In Homer’s Iliad, a warrior can only attain heroism and immortality by embracing an early death. Jean-Pierre Vernant describes this paradox in his essay, “A ‘Beautiful Death’ and the Disfigured Corpse in Homeric Epic.” According to Vernant, heroes accept the fact that life is short and “devote themselves completely and single-mindedly to war, adventure, glory, and death” (53). 1 Curiously, this is because heroes overcome death only when they embrace it (57). The importance of death stems from the fact that the individual is defined by his reputation and esteem among others, as Vernant points out when he argues that
. . . real death lies in amnesia, silence, demeaning obscurity, the absence of fame. By contrast, real existence—for the living or the dead—comes from being recognized, valued, and honored. Above all, it comes from being glorified as the central figure in a song of praise, a story that endlessly tells and retells a destiny admired by all. (57)
He made on it a great vineyard heavy with clusters,
lovely and in gold, but the grapes upon it were darkened
and the vines themselves stood out through poles of silver. About them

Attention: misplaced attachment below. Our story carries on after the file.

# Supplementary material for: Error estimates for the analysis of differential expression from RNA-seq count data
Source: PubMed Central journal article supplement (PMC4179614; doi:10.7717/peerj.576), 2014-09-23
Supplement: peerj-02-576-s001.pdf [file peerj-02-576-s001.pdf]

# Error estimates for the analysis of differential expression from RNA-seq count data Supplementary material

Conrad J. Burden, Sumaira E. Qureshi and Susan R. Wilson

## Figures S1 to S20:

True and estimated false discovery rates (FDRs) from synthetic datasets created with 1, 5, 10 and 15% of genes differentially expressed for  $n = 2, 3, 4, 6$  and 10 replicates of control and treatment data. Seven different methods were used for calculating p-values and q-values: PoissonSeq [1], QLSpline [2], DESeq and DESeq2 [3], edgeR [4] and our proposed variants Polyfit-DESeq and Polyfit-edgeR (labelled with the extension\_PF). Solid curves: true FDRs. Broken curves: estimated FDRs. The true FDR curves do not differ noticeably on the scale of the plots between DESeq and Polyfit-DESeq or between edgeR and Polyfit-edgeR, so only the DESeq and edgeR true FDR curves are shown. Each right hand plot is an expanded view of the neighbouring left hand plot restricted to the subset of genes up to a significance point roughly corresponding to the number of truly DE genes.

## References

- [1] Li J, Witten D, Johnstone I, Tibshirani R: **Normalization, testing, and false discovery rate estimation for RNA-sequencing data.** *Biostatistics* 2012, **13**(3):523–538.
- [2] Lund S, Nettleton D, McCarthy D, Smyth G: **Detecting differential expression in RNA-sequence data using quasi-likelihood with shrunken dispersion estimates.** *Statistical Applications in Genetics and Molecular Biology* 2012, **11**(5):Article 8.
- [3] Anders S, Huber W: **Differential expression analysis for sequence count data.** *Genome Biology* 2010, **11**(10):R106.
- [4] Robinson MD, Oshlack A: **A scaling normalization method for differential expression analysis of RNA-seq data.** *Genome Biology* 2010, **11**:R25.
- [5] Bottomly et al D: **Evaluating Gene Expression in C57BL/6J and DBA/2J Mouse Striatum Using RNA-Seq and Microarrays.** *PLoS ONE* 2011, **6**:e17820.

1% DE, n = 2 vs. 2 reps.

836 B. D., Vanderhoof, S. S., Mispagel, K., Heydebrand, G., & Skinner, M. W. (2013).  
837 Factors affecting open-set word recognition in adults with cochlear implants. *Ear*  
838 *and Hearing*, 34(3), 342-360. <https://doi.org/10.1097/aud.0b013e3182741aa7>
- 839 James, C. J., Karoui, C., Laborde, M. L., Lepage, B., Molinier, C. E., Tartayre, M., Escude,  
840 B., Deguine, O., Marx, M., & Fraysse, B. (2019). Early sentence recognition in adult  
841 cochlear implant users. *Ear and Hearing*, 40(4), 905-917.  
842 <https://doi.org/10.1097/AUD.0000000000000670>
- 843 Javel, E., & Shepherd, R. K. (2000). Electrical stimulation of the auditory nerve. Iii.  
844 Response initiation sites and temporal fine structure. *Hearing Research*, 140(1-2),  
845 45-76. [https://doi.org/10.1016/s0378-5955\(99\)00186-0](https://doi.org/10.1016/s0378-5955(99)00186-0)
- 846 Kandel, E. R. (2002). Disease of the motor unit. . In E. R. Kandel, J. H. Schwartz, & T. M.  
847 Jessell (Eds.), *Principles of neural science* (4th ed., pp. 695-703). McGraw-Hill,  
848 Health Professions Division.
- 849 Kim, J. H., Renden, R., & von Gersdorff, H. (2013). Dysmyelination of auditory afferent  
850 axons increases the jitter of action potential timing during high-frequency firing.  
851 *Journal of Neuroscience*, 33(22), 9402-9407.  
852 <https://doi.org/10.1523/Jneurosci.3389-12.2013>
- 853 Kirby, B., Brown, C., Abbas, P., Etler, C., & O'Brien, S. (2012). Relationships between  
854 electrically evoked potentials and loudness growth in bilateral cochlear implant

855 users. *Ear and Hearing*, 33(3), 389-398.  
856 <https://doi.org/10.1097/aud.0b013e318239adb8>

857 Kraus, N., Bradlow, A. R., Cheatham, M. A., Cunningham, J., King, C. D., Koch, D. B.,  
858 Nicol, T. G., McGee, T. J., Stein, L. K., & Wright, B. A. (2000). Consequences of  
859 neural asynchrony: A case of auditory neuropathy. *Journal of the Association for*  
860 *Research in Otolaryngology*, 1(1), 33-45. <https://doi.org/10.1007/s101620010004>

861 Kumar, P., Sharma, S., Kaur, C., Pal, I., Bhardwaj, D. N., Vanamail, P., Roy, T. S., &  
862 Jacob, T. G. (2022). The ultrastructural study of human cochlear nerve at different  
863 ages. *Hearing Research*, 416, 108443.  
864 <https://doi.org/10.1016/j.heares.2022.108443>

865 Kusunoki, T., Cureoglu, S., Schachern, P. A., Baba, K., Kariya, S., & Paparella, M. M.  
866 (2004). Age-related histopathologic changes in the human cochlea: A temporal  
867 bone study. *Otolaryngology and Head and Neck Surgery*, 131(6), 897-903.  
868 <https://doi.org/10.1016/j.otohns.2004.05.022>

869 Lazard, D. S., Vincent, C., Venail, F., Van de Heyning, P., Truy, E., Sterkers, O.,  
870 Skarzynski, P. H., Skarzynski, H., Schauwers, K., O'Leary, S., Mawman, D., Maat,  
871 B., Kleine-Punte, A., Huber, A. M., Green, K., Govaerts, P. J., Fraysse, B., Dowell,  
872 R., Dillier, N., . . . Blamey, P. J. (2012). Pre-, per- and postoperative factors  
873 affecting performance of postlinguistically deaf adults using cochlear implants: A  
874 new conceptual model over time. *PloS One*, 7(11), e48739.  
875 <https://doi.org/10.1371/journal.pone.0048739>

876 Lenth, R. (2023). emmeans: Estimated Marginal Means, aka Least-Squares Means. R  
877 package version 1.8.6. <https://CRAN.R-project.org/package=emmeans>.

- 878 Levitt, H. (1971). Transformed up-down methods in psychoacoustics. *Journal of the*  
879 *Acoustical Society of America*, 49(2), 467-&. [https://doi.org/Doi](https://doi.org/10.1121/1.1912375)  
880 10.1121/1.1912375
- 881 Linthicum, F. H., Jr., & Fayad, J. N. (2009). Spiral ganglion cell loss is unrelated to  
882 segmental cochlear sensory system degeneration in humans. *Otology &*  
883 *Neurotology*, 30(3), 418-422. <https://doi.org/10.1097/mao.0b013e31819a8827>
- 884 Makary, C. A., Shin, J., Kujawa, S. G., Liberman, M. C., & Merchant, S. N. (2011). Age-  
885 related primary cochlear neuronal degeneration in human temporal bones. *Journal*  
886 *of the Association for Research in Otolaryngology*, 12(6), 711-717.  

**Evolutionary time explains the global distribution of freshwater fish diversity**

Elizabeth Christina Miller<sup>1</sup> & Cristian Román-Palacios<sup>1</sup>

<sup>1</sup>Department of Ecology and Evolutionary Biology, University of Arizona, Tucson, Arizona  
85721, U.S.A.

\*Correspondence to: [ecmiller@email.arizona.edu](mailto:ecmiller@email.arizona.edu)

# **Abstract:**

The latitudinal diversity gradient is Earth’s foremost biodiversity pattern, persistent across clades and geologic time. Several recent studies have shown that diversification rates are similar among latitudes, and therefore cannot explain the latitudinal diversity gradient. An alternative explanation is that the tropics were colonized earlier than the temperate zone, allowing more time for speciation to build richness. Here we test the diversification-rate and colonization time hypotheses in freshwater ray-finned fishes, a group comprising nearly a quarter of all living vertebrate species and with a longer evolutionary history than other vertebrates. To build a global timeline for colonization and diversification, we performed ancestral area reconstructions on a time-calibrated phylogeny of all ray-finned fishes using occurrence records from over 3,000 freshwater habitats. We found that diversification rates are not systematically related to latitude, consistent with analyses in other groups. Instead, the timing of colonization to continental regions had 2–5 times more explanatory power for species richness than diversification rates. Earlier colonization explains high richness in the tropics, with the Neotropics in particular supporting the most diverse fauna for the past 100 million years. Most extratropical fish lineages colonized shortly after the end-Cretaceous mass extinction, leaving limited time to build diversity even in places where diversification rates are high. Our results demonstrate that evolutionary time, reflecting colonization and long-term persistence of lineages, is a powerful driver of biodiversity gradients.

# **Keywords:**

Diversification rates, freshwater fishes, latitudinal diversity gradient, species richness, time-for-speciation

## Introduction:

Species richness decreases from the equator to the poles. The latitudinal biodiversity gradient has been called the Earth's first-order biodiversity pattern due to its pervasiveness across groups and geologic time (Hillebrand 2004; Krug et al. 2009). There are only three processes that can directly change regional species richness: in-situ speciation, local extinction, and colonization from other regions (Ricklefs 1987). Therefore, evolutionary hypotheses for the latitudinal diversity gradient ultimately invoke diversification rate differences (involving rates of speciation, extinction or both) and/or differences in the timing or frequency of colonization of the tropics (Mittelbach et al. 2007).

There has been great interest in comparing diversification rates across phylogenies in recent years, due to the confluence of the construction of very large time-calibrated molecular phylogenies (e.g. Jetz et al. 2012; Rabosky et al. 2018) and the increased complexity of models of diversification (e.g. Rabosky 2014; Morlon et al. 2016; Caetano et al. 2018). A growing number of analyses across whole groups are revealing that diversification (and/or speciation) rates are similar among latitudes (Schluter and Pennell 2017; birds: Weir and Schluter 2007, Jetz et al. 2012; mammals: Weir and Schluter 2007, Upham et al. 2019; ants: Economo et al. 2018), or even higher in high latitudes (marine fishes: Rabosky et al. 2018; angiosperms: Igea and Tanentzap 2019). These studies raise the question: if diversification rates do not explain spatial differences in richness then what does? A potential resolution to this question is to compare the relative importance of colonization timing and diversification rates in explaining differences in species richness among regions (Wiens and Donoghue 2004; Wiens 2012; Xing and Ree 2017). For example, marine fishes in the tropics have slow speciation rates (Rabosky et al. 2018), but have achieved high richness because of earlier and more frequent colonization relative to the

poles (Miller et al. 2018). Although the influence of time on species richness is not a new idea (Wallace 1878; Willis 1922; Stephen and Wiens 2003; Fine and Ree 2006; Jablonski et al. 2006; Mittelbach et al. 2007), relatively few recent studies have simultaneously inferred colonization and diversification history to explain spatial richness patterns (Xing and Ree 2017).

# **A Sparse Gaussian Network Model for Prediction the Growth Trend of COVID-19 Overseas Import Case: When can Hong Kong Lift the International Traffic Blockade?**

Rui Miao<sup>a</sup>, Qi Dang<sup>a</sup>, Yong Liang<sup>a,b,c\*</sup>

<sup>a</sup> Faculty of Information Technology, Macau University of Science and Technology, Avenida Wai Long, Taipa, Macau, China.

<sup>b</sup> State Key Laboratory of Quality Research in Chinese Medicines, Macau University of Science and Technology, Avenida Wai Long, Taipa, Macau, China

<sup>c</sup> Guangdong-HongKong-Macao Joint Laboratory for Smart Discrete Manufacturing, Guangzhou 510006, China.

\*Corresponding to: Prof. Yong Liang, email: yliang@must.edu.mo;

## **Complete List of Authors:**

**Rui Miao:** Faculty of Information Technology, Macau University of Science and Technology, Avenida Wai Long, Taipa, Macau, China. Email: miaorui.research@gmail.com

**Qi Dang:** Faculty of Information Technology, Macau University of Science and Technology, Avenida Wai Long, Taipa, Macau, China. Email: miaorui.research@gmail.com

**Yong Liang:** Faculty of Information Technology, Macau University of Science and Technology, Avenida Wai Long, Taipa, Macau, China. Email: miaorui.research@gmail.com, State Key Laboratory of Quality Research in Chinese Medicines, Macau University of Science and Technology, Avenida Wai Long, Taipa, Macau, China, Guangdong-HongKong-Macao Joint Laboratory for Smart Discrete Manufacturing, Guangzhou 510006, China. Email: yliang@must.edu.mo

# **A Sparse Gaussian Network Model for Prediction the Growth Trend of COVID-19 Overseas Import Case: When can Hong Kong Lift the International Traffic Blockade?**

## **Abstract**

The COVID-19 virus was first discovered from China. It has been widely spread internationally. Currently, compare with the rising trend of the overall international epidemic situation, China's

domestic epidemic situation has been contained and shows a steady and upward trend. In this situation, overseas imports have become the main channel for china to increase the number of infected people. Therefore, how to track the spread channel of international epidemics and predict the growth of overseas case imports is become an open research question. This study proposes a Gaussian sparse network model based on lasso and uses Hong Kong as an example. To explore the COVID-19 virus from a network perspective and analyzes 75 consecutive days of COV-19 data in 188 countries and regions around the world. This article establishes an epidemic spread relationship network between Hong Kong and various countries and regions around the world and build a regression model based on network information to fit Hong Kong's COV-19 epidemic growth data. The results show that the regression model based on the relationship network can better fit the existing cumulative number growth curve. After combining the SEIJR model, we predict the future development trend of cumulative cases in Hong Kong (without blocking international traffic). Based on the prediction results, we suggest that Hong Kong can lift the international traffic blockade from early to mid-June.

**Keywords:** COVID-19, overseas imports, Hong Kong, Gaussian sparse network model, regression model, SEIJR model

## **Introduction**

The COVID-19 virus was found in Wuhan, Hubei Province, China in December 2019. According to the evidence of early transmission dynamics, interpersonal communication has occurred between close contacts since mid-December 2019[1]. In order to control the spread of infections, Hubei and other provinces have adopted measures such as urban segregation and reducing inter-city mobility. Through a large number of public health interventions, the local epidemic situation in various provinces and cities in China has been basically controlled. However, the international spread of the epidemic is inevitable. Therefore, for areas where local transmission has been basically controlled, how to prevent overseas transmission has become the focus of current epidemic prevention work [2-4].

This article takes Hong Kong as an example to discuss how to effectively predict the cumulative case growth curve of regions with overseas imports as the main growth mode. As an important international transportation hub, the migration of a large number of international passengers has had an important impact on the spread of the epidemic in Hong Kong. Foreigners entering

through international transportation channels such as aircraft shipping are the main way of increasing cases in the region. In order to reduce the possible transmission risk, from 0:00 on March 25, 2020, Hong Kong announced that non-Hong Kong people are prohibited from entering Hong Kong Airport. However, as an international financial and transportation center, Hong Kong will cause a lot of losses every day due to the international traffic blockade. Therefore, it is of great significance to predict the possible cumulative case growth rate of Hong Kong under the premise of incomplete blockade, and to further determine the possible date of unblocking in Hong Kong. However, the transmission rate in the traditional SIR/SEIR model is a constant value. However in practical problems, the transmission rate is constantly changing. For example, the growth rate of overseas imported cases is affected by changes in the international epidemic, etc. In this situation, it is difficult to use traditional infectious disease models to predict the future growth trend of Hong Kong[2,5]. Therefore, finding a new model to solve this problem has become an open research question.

he made a field-ditch of dark metal, and drove all around this
a fence of tin; and there was only one path to the vineyard,
and along it ran the grape-bearers for the vineyard’s stripping.
Young girls and young men, in all their light-hearted innocence,
carried the kind, sweet fruit away in
their woven baskets,
and in their midst a youth with a singing lyre played charmingly
upon it for them, and sang the beautiful song for Linos
in a light voice, and they followed him, and with singing and whistling
and light dance-steps of their f...
... middle of paper ...
...g death —and this is what makes a hero. Perhaps the final proof of this heroic immortality lies in the fact that the exploits of Achilleus and the other heroes of the Trojan War remain to this day the subject of passion and controversy. In this way, they have purchased a measure of fame and glory beyond anything they could have imagined. Truly, these heroes are immortal.
1 Jean-Pierre Vernant, “A ‘Beautiful Death’ and the Disfigured Corpse in Homeric Epic,” in Mortals
and Immortals: Collected Essays (Princeton: Princeton University Press, 1991).
2 Homer, Iliad, trans. Richmond Lattimore (Chicago: The University of Chicago Press, 1951), .
3 Homer, Odyssey, trans. Richard Lattimore (New York: Harper & Row Publishers, 1965).
4 Homer, Iliad.
5 Edith Hamilton, Mythology (New York: Mentor, 1969), 294.
6 Homer, Iliad.
7 Vernant, 60.
8 Homer, Iliad.
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